Why do we do computerized modeling? What and how should we model? What makes models “ valid ”, “ complete ”, and how do we verify this? Such questions become especially acute when we try to model Nature
Biological artifacts are really reactive systems (Harel & Pnueli, 1986) on all levels: the molecular and the cellular, and all the way up to organs and full organisms Biology as Reactivity
Biological systems can be modeled and analyzed as reactive systems, using languages/tools developed for constructing computerized systems A thesis follows: Put simply: Let ’ s reverse-engineer an elephant rather than engineer an F-15 …
What to model? Be comprehensive That is, do the whole thing...
But what is the whole thing? (horizontal delineation) An entire cell An entire organ or organism An entire population?
On (or up to) what level of detail? (vertical delineation) Inter-cellular Intra-cellular (inter-molecular) Probably also genomic/proteomic Maybe biochemistry & even physics (particles, quantum mechanics, string theory…)??
Crucial point: Comprehensive modeling entails capturing everything that is known about the system, and doing everything else any which way…
To construct a “ full ”, true-to-all-known- facts, 4-dimensional model of a multi- cellular organism WOP: Whole Organism Project A Grand Challenge for Comprehensive Modeling (H, 2003) Which animal would be a good choice? Later (but it ’ s not an elephant … )
Another crucial point (otherwise we’re wasting our time) : The model should make researchers excited, enabling them to observe, analyze and understand the organism ― development and behavior ― in ways not otherwise possible; e.g., to predict
Help uncover gaps, correct errors, form theories and explanations Suggest new experiments, and help predict unobserved phenomena Help discover emergent properties Verify biological theories against laboratory observations Pave the way for in silico experimentation, and possibly synthesis, drug construction, … Additional potential gains are enormous
How to model? Be realistic That is, make it look good…
Project I (thymus) (with S. Efroni and I. Cohen, ‘ 03 ) T-cell (thymocyte) behavior in the thymus. Many cells, complex internal behavior, interaction and geometric movement. Enormous amount of biological knowledge assimilated and modeled (~ 400 papers).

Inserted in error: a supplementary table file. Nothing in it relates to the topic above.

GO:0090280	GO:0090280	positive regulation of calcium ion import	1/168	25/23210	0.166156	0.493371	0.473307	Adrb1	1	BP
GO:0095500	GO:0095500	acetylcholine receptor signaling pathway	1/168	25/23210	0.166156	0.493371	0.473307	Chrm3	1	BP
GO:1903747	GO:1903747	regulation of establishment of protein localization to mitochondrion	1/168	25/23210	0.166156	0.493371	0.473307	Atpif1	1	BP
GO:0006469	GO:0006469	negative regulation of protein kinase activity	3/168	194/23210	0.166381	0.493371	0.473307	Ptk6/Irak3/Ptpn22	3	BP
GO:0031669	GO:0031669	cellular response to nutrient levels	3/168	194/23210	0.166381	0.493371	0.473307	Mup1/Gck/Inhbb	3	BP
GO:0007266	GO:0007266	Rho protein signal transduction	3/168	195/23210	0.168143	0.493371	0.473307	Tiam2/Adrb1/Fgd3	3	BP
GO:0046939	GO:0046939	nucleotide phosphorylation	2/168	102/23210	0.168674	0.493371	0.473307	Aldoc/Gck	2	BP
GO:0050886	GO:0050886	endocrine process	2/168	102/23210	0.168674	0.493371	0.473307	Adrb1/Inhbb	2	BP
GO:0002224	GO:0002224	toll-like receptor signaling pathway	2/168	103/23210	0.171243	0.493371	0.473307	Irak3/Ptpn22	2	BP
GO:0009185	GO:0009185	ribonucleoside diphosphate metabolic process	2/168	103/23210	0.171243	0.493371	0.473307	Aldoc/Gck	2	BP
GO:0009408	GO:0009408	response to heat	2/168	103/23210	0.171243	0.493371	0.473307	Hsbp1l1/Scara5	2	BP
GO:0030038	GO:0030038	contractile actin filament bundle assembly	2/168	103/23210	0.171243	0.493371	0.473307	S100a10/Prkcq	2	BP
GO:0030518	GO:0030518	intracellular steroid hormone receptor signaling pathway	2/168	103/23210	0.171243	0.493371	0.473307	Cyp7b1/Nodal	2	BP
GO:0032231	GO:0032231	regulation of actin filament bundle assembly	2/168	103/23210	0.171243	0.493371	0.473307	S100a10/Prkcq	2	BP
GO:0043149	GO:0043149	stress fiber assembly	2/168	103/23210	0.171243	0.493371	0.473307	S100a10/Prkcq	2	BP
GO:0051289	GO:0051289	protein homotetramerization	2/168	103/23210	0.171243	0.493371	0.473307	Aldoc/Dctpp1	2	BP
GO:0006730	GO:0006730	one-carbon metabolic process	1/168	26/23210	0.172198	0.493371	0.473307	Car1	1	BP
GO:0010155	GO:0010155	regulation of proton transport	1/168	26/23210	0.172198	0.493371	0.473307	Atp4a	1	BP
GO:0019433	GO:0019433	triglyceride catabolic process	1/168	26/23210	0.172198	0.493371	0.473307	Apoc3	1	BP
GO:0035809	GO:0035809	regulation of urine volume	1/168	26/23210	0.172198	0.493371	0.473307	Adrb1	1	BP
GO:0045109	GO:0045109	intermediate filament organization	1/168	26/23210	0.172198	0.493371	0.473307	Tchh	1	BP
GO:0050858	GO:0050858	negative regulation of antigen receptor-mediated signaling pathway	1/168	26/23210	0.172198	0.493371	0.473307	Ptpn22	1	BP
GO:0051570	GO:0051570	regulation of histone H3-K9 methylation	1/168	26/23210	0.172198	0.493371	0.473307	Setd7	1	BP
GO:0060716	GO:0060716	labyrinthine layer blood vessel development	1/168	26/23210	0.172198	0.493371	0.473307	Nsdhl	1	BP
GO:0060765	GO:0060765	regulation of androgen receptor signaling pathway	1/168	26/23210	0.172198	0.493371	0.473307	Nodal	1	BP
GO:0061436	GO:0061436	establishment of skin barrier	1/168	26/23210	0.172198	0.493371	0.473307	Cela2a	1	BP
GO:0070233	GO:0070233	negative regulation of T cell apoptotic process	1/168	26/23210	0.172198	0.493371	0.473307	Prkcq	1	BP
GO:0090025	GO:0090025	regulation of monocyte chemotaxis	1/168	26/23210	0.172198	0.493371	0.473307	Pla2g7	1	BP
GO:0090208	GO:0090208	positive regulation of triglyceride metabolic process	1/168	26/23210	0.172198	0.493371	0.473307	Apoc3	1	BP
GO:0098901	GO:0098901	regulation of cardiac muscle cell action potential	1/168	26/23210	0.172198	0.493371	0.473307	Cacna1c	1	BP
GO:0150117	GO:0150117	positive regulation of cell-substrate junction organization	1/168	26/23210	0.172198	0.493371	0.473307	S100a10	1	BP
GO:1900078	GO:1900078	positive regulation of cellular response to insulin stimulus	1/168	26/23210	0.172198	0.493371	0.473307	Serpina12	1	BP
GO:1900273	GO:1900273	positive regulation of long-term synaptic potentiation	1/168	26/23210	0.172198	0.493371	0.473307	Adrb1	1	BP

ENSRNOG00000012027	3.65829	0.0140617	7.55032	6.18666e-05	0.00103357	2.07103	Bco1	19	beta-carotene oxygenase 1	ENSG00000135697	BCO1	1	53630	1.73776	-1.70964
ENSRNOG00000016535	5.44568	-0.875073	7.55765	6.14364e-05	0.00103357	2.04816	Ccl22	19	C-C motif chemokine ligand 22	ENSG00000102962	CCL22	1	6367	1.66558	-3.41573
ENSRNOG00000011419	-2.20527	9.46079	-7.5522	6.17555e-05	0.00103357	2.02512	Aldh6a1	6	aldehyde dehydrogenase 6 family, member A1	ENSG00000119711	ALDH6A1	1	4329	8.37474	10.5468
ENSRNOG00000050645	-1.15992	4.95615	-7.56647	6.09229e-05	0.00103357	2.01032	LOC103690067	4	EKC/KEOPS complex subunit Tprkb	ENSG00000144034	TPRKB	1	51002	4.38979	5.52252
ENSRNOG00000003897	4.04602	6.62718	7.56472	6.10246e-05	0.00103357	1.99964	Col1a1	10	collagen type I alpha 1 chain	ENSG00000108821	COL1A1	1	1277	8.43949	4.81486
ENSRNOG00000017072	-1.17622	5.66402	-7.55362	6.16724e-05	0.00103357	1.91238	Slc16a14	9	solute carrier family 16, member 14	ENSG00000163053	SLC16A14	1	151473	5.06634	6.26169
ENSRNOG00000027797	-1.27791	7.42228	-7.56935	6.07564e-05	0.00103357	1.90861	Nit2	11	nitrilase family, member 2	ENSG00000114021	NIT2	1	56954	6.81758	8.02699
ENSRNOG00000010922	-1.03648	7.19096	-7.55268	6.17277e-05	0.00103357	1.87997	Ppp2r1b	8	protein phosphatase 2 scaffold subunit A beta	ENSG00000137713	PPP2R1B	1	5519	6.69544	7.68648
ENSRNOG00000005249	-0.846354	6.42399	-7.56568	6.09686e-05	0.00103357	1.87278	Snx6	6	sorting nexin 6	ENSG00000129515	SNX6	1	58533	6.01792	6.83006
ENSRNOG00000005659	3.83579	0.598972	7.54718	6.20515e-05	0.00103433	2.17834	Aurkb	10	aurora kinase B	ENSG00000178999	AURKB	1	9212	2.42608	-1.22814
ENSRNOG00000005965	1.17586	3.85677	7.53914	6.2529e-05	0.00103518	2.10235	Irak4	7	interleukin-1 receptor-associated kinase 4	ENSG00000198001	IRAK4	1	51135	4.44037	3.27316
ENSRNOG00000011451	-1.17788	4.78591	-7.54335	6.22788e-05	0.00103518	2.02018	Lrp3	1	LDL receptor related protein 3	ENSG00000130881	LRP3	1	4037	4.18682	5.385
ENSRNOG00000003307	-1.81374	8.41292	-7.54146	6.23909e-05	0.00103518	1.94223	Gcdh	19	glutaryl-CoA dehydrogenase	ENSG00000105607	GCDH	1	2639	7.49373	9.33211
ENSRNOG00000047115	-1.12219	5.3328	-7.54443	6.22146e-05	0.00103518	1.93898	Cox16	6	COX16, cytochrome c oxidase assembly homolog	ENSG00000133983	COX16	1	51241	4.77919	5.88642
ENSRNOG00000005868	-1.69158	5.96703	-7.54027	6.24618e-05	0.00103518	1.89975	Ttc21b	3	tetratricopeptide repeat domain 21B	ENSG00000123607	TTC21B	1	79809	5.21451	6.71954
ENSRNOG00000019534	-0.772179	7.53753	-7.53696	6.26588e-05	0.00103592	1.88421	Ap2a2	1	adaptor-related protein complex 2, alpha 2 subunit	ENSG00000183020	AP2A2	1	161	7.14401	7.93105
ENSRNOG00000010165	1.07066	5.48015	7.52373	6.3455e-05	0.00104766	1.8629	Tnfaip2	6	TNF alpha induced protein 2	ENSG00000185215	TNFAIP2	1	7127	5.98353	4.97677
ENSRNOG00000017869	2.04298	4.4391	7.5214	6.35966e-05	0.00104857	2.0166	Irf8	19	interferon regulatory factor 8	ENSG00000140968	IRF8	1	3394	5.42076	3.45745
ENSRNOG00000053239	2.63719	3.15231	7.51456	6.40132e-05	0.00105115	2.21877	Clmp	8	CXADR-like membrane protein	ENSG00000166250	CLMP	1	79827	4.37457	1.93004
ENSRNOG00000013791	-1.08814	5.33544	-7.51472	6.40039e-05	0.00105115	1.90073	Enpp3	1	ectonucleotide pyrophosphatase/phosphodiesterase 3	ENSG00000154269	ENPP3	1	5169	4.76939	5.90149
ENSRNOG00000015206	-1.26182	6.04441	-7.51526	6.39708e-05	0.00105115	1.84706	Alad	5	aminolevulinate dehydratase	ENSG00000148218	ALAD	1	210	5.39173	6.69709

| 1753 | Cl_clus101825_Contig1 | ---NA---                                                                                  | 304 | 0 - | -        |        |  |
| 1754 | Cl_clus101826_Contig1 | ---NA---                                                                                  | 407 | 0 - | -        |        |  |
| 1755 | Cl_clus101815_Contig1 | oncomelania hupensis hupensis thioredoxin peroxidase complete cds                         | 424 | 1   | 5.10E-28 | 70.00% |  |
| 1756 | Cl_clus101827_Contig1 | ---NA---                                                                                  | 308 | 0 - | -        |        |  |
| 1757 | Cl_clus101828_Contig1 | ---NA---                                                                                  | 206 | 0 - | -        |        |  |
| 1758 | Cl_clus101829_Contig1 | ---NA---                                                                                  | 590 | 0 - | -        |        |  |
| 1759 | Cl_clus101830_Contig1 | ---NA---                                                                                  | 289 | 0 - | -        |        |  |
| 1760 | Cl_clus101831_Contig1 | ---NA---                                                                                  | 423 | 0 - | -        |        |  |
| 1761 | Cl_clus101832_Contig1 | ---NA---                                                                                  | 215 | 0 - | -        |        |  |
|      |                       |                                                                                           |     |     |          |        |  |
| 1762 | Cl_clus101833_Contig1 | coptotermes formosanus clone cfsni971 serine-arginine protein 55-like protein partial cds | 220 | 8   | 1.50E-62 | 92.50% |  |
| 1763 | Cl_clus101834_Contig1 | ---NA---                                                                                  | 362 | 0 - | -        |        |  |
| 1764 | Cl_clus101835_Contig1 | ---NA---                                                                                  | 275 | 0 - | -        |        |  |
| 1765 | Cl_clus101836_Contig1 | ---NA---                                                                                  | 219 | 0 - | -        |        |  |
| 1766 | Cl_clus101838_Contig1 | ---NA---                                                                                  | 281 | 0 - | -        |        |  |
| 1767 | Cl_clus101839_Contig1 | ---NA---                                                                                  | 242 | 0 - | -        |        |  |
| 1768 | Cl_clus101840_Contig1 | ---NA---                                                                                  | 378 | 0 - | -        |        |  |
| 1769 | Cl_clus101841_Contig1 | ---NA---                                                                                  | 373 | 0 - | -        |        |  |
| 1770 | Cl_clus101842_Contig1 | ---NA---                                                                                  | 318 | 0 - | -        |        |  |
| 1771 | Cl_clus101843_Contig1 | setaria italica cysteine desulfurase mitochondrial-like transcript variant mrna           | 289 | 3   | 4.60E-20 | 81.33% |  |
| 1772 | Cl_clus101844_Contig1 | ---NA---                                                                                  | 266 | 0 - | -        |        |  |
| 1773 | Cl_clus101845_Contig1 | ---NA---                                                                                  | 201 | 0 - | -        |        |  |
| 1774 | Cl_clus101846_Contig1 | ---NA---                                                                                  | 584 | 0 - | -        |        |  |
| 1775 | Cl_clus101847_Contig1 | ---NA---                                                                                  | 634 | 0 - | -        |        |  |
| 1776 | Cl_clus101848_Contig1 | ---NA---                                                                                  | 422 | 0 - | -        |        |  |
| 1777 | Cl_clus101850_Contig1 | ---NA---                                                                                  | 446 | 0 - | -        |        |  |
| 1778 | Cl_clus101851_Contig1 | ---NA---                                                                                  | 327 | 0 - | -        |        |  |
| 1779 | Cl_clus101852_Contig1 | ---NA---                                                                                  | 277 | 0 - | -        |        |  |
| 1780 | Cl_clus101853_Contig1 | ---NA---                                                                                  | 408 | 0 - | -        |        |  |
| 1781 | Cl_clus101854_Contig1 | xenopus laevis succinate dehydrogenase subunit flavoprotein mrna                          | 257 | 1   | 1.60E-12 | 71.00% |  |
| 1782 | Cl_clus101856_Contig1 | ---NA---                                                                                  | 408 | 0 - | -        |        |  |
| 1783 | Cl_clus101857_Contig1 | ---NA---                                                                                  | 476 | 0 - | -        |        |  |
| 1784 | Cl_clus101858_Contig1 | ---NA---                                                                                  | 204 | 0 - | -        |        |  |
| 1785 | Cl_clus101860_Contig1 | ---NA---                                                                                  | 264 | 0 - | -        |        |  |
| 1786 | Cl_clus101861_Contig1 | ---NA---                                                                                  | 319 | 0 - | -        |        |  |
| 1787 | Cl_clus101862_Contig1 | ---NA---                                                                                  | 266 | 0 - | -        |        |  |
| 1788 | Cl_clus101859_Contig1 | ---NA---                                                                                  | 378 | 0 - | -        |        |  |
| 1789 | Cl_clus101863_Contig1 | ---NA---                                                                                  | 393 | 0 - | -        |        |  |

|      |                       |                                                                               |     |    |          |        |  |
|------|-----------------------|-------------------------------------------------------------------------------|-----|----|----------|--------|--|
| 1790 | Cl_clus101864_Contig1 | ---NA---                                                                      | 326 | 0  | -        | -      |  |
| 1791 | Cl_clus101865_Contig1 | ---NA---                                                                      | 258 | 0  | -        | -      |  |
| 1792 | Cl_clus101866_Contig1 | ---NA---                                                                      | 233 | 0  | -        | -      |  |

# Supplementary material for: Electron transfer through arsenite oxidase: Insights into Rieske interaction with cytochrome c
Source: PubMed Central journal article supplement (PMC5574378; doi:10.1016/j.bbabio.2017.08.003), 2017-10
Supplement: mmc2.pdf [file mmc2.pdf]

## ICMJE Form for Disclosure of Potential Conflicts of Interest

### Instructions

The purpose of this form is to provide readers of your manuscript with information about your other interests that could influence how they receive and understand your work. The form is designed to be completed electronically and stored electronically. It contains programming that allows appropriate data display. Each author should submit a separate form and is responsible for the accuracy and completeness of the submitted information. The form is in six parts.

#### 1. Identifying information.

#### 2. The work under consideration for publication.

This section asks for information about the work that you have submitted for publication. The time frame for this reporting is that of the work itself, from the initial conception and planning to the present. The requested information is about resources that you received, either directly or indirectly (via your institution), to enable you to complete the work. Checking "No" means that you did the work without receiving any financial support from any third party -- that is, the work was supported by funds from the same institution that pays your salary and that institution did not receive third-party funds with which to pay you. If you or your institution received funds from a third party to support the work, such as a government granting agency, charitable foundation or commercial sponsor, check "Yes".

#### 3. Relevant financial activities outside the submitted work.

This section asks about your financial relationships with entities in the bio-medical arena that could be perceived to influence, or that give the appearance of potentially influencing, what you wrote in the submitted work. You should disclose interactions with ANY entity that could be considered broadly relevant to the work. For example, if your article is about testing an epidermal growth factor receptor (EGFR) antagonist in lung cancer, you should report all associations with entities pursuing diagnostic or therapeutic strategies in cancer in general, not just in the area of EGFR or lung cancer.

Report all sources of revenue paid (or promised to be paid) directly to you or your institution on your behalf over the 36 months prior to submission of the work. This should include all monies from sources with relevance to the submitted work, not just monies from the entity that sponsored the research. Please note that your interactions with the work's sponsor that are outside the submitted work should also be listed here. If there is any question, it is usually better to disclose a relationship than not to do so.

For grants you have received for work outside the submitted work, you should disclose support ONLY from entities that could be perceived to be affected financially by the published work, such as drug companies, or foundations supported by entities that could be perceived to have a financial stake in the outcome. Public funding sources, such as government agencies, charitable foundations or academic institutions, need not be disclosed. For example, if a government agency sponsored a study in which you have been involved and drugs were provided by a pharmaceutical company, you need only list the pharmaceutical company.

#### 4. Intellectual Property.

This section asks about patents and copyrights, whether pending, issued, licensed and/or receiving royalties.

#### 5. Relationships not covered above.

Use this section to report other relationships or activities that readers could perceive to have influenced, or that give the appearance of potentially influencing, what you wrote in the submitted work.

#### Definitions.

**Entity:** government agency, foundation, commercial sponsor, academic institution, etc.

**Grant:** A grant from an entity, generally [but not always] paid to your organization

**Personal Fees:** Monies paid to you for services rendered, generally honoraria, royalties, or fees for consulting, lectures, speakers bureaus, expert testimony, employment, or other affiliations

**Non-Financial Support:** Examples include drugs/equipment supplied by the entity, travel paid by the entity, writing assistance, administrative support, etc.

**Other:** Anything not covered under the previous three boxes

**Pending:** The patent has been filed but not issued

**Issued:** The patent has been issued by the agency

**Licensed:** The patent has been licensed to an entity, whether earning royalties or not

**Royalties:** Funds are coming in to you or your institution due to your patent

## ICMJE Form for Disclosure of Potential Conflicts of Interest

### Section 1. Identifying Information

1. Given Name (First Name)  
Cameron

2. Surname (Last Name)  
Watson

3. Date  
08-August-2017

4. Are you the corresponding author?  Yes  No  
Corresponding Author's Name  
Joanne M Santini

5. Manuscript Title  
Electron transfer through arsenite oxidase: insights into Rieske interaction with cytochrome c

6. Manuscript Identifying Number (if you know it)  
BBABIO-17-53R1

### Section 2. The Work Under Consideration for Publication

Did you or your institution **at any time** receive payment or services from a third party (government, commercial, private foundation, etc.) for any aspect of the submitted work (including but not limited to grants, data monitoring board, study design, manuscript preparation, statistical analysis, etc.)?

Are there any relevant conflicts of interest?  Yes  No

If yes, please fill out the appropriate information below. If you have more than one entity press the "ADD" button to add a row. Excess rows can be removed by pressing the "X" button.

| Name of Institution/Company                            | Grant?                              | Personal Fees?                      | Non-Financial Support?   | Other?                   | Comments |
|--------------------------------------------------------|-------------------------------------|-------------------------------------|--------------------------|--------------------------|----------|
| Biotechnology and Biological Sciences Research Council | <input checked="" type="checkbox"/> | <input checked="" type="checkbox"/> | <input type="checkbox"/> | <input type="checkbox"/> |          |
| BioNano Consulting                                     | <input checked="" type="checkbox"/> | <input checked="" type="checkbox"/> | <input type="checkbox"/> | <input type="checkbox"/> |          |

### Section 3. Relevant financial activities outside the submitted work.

The model reveals emergent properties ( with Efroni and Cohen, ‘ 07 ) Competition change:
Project II (pancreas) (with Y. Setty, Y. Dor and I. Cohen; 2007) Embryonic development of the pancreas (very different characteristics). Here we use 3D animation and are interested in organ formation.
Wild “ playing ” yielded insights into the role of blood vessel density into organ development Experimental confirmation in progress!
Project III (C. elegans) (with N. Kam, M. Stern, J. Hubbard, J. Fisher, H. Kugler, A. Pnueli; 2001−7) Vulval precursor cell (VPC) fate determination in the C. elegans nematode Few cells, lateral and inductive signaling with subtle timing; many mutation-driven variants.
Carry out multi-level modeling, with different abstraction levels modeled with different languages and methods Then combine all to yield a smoothly zoomable & executable model Central CS problem to be solved: Vertical linkage (hierarchy, abstraction and levels)
A modest step forward: Biocharts (with H. Kugler and A. Larjo, 2009) A compound, fully executable 2-tier language for modeling biology Upper level captured using Statecharts Lower level captures networks, pathways, etc.; e.g., with semantics-rich biological diagrams.
But, … comprehensive modeling is about understanding a whole thing You really and truly understand a thing when you can build an interactive simulation that does exactly what the original thing does on its own. Q: How do you tell when you ’ ve managed to achieve that?
A: We want prediction-making taken to the utmost limit; the key to this is to fool an expert. Hence, for comprehensive modeling, I propose a Turing-like test, but with a Popperian twist
We are done when a team of biologists, “ well versed ” in the relevant field, won ’ t be able to tell the difference between the model and the real thing A Turing-like test for modeling (H’ 2005)
This is not a test for the weak- hearted, or for the impatient … And it’s probably not realizable at all … But as the ultimate mechanism for prediction-confirming, it can serve as a lofty, end-of-the-day, goal for the WOP Grand Challenge